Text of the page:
Archive | March 2015

Colossians 1:15-23

Scripture:  Colossians 1:15-23     Commentary

Yet now he has reconciled you to himself through the death of Christ in his physical body. As a result, he has brought you into his own presence, and you are holy and blameless as you stand before him without a single fault. But you must continue to believe this truth and stand firmly in it (Colossians 1:22-23a).


Christ who holds all creation together has given us a new identity. We are no longer enemies with evil thoughts and actions. We are now at peace, reconciled to God, and holy and blameless without a single fault. We did not achieve this identity; Christ gave it to us. It is the reassuring truth of the Good News.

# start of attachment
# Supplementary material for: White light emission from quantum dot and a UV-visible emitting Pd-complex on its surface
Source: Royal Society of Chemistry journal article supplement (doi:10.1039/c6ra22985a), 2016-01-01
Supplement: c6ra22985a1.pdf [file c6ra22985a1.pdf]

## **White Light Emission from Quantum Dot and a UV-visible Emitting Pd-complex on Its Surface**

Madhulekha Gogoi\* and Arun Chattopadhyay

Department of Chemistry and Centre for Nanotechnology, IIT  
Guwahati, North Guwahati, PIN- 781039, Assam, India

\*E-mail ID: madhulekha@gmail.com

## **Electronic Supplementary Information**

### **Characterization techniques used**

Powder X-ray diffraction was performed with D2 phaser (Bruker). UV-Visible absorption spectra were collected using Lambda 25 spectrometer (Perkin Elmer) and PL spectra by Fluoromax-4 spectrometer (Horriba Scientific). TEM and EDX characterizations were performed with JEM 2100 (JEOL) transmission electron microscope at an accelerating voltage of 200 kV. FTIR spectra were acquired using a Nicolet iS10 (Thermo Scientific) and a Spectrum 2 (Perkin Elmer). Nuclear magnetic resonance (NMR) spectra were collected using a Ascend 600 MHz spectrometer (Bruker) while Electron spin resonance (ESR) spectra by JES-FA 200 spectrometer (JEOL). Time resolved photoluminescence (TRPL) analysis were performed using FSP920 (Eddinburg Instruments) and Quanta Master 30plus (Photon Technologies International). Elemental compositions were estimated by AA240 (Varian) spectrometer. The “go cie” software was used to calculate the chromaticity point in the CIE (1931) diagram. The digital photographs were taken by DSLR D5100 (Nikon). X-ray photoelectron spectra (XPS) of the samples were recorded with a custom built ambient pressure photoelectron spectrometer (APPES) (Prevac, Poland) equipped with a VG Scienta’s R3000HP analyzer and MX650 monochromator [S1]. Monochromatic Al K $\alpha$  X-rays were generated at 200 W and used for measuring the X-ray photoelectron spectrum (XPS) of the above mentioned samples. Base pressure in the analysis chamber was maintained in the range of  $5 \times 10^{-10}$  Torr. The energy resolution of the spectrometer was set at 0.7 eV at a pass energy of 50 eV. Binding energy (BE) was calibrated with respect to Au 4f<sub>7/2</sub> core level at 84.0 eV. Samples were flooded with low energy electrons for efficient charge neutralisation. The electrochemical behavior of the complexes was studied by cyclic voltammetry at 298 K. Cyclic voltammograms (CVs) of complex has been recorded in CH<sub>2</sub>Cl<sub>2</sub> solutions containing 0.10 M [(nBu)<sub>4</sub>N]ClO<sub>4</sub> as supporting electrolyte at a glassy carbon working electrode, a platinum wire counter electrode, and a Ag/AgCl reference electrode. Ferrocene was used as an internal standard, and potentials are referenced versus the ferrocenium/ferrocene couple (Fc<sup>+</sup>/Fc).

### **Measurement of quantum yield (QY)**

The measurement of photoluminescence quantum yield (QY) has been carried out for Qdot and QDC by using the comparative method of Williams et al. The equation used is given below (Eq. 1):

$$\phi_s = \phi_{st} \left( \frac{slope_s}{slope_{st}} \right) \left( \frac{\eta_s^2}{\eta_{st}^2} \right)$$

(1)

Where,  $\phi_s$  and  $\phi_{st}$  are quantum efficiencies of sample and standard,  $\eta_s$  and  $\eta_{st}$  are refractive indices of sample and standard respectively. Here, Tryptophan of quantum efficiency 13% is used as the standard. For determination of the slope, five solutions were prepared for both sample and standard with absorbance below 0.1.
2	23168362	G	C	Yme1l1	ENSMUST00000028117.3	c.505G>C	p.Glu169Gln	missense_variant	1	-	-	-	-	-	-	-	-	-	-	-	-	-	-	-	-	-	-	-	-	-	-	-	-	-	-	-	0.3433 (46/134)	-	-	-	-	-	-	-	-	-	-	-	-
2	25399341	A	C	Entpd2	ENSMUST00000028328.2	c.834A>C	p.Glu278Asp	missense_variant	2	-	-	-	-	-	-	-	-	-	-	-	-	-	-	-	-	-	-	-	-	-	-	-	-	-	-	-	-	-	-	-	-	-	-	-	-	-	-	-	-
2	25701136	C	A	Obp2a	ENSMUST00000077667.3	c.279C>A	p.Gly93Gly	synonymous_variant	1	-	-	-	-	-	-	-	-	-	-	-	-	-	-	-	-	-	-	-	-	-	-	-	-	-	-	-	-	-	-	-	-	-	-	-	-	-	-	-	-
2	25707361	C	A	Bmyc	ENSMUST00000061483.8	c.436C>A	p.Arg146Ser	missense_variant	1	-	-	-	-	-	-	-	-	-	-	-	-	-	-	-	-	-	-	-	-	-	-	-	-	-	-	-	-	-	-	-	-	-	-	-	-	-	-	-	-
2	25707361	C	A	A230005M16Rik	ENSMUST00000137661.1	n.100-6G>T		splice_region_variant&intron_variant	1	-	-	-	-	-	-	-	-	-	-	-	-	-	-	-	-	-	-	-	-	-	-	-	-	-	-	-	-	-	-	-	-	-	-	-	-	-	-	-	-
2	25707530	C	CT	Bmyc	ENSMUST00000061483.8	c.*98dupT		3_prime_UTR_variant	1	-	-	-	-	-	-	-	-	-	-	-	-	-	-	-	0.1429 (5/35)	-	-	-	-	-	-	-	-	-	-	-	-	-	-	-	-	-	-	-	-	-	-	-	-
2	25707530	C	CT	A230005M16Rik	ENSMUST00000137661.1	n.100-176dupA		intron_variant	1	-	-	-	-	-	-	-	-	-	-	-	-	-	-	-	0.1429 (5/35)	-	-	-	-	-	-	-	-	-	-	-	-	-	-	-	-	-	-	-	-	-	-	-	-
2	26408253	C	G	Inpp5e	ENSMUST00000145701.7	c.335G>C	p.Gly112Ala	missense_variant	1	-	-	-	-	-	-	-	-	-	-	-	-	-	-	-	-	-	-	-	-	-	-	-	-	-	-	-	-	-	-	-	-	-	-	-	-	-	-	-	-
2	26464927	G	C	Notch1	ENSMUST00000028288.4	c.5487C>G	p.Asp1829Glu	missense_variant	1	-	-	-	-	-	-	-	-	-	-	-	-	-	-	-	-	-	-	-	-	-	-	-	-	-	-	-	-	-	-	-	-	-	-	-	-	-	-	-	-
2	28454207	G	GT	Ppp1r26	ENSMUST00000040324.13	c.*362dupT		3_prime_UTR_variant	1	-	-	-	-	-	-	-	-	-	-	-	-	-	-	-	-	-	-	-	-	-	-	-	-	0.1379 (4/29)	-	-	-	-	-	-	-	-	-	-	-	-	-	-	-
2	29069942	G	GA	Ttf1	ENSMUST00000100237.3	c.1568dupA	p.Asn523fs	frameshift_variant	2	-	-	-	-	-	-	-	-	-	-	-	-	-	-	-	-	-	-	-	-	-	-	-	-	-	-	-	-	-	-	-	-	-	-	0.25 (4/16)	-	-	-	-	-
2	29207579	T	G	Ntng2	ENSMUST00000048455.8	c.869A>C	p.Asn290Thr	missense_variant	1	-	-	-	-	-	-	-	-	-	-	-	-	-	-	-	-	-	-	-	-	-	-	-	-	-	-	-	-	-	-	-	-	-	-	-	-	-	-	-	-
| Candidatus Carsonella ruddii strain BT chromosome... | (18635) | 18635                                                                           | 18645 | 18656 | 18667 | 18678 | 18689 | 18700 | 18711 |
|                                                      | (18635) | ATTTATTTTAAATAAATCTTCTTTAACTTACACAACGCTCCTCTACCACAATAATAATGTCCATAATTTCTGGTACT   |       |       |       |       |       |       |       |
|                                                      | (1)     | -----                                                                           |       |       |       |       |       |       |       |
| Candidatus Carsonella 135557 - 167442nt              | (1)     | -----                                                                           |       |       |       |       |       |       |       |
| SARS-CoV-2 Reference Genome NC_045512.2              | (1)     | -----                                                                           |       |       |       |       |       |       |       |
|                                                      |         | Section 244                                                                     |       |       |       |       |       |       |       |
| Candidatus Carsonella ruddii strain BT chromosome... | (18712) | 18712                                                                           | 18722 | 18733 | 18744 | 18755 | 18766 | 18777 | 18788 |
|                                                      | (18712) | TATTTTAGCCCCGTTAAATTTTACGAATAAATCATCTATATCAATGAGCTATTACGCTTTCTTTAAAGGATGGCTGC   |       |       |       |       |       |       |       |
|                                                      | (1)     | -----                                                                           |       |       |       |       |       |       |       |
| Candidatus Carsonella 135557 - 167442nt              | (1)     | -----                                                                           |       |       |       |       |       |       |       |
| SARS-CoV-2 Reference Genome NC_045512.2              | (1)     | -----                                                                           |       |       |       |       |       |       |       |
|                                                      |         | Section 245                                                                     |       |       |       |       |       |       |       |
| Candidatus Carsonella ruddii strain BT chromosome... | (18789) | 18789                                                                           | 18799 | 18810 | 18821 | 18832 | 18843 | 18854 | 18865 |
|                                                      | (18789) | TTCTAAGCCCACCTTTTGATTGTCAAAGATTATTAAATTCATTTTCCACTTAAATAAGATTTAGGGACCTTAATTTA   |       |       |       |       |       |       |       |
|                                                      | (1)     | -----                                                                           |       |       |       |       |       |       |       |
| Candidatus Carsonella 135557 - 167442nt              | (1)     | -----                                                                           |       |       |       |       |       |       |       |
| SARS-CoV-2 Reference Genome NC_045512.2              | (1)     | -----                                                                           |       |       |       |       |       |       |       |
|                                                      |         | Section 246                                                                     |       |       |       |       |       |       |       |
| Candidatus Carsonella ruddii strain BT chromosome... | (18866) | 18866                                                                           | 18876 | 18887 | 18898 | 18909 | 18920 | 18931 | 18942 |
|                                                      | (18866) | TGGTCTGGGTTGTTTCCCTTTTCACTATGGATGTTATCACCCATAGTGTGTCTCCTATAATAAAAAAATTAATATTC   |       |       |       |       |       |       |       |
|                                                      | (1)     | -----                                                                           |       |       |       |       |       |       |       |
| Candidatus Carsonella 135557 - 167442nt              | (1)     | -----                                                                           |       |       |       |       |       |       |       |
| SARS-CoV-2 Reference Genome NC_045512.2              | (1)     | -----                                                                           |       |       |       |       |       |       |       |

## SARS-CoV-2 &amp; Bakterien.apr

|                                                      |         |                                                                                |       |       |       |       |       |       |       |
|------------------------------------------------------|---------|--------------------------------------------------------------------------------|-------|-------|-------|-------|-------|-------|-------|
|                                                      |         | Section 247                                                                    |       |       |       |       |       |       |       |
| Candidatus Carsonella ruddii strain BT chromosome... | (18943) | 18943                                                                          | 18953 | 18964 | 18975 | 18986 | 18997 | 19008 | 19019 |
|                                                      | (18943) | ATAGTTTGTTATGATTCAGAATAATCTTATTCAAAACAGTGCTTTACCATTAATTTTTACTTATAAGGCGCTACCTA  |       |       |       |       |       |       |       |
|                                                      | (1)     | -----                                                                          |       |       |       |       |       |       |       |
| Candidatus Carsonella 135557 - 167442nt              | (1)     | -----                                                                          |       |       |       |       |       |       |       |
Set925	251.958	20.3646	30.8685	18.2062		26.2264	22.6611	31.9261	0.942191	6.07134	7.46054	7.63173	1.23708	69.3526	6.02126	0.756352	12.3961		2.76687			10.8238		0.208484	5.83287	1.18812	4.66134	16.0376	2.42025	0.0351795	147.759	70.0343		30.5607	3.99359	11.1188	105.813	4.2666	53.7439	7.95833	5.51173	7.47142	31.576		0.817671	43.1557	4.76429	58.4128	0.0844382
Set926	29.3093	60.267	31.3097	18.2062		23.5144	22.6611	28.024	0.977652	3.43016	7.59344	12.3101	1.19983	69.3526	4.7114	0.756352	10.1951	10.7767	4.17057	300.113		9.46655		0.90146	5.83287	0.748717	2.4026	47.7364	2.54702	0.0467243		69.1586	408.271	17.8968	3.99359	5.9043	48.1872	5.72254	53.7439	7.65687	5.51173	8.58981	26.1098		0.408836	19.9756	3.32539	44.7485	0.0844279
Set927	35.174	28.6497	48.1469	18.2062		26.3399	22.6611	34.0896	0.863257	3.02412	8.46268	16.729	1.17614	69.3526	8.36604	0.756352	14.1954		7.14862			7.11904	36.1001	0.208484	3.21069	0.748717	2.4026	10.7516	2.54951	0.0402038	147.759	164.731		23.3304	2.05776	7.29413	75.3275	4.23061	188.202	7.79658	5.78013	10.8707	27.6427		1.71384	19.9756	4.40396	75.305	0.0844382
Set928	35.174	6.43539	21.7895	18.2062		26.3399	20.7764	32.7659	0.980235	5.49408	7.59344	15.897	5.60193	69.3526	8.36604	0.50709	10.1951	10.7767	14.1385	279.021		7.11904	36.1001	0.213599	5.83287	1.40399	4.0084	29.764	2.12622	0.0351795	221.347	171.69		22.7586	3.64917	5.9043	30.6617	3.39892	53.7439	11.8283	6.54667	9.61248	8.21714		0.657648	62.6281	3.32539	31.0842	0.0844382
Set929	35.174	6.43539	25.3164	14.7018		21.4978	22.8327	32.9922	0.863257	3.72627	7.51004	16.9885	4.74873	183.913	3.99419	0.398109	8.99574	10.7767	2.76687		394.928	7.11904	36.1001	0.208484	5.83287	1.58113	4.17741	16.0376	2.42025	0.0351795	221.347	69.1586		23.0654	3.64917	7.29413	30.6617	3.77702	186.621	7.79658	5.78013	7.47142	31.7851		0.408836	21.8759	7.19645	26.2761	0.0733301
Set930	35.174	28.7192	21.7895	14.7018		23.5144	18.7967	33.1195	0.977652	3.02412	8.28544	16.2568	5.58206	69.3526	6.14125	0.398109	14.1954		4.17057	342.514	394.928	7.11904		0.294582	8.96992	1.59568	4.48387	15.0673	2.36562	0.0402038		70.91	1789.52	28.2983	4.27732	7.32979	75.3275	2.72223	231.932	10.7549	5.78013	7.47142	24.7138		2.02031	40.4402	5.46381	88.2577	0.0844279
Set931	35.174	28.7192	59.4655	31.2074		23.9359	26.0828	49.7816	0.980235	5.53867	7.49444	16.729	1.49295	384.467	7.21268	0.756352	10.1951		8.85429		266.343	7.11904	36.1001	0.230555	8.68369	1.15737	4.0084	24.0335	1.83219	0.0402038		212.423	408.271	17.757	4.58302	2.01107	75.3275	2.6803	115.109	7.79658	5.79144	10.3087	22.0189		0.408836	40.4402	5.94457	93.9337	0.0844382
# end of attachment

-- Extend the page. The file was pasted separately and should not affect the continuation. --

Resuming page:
How would my life be different if I lived fully alive to the truth that I am holy, blameless, and without a single fault? Would prayer time be more joyous? Would I worry less and laugh more? Would I stop comparing myself to others and be less critical of both them and me? Would I see myself as more capable? Would I easily pray huge, outrageous prayers—knowing that healings and blessings are “icing on the cake” because Christ has already made all believers faultless?


Father, thank you for Jesus. Thank you that you were pleased to live in him so that he could reconcile me to you and bring me into your presence. Grant me your grace to stand firmly in the truth of who I am in Christ. Transform my thoughts and anchor my heart to yours, so that I may live confident of your love and your joy in making me your child. In Jesus’ name, Amen.

Colossians 1:1-14

Scripture: Colossians 1:1-14     Commentary